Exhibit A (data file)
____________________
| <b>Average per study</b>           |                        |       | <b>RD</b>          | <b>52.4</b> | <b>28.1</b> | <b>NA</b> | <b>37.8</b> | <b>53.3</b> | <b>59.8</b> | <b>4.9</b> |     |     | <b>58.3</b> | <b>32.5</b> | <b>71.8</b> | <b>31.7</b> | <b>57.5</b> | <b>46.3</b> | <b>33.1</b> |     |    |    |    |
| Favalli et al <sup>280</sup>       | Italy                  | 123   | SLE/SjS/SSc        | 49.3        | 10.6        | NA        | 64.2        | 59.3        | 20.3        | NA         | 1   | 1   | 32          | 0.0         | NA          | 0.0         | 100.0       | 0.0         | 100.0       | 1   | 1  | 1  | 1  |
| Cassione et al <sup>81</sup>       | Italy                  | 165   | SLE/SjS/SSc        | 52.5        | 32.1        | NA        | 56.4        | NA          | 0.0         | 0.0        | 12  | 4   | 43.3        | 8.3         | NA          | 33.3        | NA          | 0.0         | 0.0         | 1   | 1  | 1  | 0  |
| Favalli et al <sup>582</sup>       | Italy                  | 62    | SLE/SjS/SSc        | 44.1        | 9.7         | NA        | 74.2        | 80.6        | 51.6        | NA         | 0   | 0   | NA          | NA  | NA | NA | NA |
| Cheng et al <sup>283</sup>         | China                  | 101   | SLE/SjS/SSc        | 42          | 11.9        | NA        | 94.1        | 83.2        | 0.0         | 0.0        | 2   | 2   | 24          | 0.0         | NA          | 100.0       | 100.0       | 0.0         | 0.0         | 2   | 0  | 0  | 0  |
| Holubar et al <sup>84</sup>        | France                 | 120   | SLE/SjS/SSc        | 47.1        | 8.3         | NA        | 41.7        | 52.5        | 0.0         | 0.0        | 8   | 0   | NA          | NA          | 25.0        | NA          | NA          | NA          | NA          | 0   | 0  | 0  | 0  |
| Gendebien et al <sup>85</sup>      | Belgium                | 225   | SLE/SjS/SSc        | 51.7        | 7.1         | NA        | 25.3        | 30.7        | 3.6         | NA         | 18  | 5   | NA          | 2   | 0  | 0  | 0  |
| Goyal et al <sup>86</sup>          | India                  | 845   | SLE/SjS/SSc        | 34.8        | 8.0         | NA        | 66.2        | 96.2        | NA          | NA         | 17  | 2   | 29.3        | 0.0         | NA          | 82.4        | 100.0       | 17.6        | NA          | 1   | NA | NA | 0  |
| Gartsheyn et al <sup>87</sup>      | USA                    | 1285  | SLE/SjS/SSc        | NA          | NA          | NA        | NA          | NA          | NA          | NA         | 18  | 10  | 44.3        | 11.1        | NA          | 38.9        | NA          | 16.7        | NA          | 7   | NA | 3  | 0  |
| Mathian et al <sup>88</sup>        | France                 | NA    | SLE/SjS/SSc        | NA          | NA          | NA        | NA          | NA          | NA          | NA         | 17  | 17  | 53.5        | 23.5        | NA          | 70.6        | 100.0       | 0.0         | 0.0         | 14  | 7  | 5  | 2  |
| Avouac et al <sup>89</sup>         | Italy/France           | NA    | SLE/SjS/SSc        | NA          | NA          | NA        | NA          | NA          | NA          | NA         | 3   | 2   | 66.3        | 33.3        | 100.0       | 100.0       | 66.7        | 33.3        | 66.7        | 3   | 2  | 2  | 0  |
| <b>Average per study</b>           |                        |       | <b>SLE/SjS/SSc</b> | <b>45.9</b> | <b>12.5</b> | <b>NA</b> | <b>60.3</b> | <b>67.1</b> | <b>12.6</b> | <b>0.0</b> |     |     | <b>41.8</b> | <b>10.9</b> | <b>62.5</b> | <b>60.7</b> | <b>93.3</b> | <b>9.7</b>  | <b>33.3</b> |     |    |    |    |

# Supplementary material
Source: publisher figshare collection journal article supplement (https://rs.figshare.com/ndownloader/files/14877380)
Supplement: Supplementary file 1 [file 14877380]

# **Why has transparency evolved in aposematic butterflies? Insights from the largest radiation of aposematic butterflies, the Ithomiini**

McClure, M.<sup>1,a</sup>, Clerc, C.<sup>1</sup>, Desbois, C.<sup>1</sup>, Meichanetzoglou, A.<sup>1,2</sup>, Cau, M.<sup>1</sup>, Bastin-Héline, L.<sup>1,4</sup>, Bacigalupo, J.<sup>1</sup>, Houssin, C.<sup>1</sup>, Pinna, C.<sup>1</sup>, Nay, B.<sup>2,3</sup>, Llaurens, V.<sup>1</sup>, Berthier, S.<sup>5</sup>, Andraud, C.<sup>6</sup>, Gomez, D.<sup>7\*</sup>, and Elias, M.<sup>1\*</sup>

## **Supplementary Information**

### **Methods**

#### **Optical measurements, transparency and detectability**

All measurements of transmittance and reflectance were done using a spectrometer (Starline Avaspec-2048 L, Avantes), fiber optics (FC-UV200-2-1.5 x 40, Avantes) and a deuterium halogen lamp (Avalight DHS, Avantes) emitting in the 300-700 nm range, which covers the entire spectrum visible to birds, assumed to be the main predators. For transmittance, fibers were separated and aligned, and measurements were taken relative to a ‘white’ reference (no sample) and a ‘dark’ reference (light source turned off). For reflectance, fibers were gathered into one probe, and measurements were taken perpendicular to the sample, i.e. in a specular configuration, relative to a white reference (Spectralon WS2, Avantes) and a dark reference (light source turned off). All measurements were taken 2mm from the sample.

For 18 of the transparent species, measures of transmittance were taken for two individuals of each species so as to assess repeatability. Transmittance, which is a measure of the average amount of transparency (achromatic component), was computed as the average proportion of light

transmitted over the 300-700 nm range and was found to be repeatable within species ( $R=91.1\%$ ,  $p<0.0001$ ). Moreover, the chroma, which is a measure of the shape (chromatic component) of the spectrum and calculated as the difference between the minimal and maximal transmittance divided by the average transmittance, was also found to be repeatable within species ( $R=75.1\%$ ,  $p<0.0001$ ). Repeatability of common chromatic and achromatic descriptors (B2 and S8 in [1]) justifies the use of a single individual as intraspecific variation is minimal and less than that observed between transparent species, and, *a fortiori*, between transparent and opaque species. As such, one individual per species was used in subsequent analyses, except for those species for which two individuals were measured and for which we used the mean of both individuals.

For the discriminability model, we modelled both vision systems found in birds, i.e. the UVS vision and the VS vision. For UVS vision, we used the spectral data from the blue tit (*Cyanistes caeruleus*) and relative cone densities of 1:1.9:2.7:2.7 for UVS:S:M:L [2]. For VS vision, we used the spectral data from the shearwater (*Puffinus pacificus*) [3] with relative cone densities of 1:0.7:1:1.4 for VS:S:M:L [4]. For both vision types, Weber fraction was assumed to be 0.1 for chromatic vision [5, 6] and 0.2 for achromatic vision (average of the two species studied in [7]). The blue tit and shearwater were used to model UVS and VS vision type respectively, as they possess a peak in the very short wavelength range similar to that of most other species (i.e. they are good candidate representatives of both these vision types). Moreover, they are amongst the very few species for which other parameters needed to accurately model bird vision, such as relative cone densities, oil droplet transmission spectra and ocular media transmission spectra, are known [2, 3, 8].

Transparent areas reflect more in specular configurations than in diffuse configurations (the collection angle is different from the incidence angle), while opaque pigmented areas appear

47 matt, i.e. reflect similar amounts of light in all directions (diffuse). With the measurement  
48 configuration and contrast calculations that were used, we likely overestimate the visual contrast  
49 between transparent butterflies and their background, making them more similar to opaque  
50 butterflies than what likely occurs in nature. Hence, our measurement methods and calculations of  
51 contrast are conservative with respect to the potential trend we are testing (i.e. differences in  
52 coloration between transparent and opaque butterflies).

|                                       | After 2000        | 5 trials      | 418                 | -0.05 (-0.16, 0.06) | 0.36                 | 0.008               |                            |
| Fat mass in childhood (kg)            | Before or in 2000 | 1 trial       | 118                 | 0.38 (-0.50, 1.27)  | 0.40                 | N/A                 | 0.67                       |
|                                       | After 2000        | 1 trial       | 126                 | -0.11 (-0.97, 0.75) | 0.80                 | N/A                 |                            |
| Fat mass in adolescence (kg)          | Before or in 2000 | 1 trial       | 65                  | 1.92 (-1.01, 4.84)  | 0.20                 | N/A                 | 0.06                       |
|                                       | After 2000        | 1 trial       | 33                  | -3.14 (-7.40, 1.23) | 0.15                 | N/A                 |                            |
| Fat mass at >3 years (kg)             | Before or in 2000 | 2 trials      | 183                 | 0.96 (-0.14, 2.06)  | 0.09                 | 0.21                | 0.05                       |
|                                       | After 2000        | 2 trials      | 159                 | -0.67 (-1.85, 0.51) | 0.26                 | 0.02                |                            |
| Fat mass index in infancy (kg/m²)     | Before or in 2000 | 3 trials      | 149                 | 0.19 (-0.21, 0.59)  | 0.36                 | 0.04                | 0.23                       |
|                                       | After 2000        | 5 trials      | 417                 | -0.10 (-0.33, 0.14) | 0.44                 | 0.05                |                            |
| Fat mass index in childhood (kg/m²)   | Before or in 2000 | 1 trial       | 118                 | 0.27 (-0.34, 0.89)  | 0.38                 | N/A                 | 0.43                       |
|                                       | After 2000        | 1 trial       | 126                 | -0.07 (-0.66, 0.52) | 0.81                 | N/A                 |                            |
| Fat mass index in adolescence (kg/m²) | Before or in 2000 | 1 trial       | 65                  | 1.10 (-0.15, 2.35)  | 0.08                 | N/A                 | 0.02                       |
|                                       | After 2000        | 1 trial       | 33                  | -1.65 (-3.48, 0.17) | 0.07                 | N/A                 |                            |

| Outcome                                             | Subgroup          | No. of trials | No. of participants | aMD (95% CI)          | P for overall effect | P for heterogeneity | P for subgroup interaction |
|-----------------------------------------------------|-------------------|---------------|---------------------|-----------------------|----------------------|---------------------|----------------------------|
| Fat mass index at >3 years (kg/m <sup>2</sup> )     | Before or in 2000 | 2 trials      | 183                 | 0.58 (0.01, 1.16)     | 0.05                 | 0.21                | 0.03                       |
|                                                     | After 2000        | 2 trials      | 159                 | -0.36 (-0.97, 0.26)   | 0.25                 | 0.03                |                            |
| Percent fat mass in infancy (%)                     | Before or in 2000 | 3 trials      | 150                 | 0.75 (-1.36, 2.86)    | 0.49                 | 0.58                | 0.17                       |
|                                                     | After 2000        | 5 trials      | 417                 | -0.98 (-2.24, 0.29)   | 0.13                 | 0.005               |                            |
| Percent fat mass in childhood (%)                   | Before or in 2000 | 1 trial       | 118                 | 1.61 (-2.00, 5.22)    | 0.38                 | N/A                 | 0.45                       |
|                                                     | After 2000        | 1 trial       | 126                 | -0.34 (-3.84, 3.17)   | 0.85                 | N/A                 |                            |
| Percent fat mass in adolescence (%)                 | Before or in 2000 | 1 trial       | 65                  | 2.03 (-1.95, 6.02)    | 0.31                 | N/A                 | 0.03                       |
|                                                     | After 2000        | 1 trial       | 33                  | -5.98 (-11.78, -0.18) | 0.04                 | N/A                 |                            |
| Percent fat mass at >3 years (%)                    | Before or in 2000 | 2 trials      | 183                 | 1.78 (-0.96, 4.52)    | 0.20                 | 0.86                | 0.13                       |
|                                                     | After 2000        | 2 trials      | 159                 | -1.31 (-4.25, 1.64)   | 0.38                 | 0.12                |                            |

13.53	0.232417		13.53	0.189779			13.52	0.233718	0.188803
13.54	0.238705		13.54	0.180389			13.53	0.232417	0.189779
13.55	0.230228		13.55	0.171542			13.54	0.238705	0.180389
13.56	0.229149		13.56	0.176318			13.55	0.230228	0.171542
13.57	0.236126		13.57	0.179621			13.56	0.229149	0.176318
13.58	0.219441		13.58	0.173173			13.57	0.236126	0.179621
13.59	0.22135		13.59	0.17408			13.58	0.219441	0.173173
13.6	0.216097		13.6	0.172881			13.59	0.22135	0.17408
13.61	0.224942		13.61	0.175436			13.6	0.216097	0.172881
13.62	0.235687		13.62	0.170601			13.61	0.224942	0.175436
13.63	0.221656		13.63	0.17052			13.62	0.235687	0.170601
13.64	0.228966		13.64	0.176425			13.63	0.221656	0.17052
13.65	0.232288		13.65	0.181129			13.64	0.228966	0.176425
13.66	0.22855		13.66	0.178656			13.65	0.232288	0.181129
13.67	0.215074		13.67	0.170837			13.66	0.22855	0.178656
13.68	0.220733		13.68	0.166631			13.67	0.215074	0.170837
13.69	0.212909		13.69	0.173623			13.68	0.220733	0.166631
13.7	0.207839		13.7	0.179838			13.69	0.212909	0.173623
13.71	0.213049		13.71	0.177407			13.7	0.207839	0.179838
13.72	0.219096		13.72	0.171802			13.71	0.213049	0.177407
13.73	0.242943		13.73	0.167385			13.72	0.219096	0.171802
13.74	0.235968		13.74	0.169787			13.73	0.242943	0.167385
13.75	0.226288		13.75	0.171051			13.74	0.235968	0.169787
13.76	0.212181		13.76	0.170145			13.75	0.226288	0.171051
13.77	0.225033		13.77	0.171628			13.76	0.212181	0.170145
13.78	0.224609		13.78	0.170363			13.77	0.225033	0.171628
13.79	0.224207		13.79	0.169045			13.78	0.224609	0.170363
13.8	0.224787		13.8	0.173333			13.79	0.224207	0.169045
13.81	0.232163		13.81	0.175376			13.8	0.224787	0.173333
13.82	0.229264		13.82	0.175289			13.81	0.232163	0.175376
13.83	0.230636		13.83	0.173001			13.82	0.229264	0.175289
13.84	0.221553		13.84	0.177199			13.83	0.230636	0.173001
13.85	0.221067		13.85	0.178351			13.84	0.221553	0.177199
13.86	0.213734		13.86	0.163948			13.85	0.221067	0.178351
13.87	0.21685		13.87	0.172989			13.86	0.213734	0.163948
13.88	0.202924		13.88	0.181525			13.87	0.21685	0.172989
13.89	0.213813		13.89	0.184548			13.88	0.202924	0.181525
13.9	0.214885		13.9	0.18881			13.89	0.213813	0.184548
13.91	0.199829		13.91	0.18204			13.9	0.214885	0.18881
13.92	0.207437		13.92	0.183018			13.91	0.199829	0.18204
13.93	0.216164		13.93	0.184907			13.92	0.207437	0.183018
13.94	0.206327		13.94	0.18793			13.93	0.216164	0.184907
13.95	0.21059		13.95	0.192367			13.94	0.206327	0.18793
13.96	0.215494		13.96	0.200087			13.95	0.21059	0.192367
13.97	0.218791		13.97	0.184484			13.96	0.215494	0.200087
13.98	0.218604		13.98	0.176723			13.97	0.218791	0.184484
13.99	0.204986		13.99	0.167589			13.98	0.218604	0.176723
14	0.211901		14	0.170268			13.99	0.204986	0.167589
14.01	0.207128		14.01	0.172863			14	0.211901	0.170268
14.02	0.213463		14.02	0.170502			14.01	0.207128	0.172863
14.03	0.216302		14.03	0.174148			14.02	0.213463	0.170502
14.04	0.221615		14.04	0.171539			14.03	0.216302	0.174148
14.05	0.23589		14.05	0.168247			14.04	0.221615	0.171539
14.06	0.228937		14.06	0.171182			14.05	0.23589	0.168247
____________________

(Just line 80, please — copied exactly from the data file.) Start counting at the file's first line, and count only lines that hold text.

13.76	0.212181		13.76	0.170145			13.75	0.226288	0.171051